Father of Sandy Hook victim: Foster children’s emotional intelligence
People skills top IQ in predicting success and preventing violence.
In the wake of the lethal attacks in Paris last week and a steady string of mass shootings in the U.S., it’s natural to ask how we can prevent violence.
One neuroscientist touched by violence offers an answer that might surprise: Jeremy G. Richman, Ph.D., says the way to eradicate violence is to better understand our own brains.
People’s actions are heavily influenced by the biochemistry of their brains. If we can foster healthy brain functioning, Richman said, during a Nov. 16 talk at Vanderbilt University Medical Center, we can prevent violence.
From 1998 to 2000, Richman researched the sympathetic nervous system at Vanderbilt. Since then, he’s worked on drug discovery projects at Arena Pharmaceuticals and Boehringer Ingelheim, the latter in Danbury, Conn.
On Dec. 14, 2012, Richman’s 7-year-old daughter, Avielle, was killed along with 19 other children and six adults in the Sandy Hook Elementary School shooting in Newtown, Conn.
Richman and his wife, Jennifer Hensel, also a scientist, responded to their daughter’s death by launching the Avielle Foundation. Its mission: “to prevent violence and build compassion in communities by fostering brain science research, community engagement and education.”
Brain science in recent decades has repeatedly found that a major sign of a healthy, nonviolent brain is strong “emotional intelligence,” a concept described in a landmark 1995 book by Daniel Goleman called “Emotional Intelligence: Why It Can Matter More than IQ.”
As Richman explains it, emotional intelligence includes skills such as motivation, empathy and self-control. These abilities are crucial for functioning well — and nonviolently — within social groups, including family, the workplace and school.
Emotional intelligence, Richman says, “is the most important thing we can teach our kids.” Two days before Richman’s talk at Vanderbilt, a New York Times story explored teaching social and emotional learning as early as elementary school.
You can gauge your child’s emotional intelligence by considering:
- Can he achieve goals (even minor ones, like finishing a book, or building a Lego sculpture)?
- Can he recognize and name his own emotions?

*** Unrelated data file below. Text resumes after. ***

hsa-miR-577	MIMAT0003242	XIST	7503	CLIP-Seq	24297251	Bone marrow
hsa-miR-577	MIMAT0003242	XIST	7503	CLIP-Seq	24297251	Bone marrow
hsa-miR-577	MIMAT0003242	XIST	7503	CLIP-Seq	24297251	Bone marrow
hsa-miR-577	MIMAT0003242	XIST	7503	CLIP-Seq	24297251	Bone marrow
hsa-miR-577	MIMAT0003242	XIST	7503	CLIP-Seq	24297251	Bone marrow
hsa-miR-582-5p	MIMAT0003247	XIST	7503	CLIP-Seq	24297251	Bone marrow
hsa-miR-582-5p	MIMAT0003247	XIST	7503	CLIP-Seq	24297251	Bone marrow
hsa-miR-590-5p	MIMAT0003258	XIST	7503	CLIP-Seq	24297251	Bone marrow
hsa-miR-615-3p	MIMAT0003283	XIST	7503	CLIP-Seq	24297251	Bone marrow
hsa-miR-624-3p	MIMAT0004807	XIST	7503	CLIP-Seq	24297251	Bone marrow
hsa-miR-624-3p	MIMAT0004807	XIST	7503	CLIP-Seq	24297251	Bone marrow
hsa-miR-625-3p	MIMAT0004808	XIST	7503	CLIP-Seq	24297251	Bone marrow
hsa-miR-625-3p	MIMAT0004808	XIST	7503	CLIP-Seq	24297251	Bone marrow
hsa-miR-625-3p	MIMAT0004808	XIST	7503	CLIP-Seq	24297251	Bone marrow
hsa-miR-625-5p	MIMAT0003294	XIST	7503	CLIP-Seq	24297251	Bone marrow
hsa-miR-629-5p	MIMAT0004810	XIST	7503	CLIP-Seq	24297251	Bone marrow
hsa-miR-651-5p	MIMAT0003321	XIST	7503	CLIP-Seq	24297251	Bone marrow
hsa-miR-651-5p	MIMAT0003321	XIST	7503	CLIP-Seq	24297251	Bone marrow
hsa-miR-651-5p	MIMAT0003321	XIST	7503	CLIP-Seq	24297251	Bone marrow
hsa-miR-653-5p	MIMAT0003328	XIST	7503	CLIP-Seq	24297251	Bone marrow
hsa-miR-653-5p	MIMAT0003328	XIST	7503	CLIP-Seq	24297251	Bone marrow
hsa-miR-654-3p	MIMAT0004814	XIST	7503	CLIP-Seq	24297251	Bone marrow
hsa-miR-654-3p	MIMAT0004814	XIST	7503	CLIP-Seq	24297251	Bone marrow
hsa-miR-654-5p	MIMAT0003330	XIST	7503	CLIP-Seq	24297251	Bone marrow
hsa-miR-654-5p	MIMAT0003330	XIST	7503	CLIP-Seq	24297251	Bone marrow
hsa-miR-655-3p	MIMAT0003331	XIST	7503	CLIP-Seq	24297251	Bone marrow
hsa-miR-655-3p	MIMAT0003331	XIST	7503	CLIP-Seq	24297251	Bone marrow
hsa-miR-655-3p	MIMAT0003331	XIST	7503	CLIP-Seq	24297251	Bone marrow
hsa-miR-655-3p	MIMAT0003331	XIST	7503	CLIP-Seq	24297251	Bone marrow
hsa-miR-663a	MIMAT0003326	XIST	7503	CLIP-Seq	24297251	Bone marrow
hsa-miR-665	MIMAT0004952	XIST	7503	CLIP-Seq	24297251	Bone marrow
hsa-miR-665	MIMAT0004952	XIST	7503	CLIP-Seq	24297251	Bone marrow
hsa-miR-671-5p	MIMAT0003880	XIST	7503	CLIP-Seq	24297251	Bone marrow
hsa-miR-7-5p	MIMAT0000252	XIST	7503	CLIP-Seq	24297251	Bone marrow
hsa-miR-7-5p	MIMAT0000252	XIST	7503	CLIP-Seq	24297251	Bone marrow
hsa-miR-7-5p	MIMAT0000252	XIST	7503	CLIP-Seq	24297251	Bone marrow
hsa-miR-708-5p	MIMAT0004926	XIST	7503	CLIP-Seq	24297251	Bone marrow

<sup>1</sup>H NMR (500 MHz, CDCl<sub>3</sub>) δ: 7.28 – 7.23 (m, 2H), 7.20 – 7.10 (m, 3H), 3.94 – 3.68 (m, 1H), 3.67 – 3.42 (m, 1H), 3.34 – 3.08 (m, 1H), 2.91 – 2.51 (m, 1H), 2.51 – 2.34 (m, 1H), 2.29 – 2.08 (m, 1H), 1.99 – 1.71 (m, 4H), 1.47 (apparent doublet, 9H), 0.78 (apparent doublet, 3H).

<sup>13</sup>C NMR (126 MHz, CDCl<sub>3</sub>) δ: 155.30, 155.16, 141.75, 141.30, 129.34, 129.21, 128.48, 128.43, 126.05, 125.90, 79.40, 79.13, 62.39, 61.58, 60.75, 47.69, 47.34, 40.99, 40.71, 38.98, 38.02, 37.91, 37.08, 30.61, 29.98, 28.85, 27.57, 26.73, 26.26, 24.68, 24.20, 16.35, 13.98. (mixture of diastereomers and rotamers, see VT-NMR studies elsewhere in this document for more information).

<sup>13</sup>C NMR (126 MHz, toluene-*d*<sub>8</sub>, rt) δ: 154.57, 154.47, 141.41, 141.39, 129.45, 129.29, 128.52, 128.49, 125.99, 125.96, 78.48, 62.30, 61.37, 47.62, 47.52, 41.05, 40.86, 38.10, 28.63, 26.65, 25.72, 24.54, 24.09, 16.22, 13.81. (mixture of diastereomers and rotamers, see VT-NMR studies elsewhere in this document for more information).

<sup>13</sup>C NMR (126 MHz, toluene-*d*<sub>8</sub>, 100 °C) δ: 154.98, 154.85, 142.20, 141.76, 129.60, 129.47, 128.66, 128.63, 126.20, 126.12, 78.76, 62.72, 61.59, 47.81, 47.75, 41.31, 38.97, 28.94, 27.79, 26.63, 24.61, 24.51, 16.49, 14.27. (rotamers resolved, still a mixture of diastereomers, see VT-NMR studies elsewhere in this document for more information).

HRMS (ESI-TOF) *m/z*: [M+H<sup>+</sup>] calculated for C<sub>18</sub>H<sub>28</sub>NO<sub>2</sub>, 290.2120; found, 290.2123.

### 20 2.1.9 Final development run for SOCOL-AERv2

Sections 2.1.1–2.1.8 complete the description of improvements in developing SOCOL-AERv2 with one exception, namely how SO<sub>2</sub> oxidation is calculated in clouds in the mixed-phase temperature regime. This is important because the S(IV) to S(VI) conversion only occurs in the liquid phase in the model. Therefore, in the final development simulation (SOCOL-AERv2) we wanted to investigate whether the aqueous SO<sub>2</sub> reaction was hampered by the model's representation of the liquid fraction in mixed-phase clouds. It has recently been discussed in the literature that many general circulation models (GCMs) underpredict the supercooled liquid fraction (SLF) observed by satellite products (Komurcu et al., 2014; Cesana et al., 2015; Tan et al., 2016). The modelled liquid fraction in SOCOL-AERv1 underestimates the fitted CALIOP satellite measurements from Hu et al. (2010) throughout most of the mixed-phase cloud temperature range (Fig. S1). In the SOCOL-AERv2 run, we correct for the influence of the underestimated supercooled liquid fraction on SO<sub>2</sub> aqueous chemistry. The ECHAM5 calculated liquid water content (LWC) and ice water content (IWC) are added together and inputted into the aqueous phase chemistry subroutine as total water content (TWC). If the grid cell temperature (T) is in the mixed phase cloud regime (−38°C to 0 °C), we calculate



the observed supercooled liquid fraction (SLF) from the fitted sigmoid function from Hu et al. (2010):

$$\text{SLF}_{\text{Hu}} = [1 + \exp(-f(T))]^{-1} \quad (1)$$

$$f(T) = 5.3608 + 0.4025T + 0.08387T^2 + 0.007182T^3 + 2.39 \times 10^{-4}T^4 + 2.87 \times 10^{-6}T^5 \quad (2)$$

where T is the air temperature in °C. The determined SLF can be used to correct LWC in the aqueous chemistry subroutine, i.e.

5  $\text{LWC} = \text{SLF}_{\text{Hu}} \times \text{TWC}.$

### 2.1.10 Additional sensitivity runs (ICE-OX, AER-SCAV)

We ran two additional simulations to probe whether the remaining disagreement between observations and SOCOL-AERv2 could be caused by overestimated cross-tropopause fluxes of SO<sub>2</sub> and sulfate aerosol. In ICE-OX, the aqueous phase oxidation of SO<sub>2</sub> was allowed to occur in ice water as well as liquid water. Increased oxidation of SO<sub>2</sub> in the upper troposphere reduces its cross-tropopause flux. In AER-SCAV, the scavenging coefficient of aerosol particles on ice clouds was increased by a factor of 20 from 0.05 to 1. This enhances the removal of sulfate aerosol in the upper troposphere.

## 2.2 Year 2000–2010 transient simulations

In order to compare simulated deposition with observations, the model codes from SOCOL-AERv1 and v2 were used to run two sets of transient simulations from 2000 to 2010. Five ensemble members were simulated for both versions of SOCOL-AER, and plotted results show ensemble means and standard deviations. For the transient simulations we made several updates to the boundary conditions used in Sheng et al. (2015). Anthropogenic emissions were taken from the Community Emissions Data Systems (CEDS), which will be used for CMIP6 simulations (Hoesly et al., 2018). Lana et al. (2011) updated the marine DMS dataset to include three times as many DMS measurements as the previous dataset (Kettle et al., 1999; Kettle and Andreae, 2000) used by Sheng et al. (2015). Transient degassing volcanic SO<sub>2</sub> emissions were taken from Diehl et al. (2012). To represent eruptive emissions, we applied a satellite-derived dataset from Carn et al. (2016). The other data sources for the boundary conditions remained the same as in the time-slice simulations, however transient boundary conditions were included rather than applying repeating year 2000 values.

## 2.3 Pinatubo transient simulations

- Can he manage emotions? (“I’m angry, but I can control that.”)
- Can he sustain friendships?
- Does understand how his behavior affects others?
These abilities will vary according to the child’s age, but Richman offers advice to parents for nurturing their children’s emotional intelligence:
- Be a good role model. How do you interact with your spouse, for example? Or the coach at your kid’s soccer game? Road rage is an example of behavior by someone with poor emotional intelligence. Children learn primarily from what they see in their parents.
- Try role-playing with young children to demonstrate empathy for others.
- Give your children “face time,” quality attention. “Caring about them, showing them they have a role in the world, is really, really critical.”
For more detailed suggestions, Richman recommends Goleman’s book, and also CASEL‘s (Collaborative for Academic, Social and Emotional Learning) list of skills constituting emotional intelligence, and tips for how to encourage it. CASEL is a national organization working to develop students’ social and emotional skills.
“This is real neuroscience,” Richman said, about teaching children empathy and emotional maturity. “We know it changes the brain, and predicts health, wealth and happiness.”
And people who are successful and happy rarely turn violent.
A child psychologist offers more ways to nurture your child’s emotional health, here.
Richman’s talk was part of the Flexner Dean’s Lecture series. These lectures, by prominent scientists from a wide range of fields, are held monthly at Vanderbilt. They’re open to the public. To attend, please RSVP online.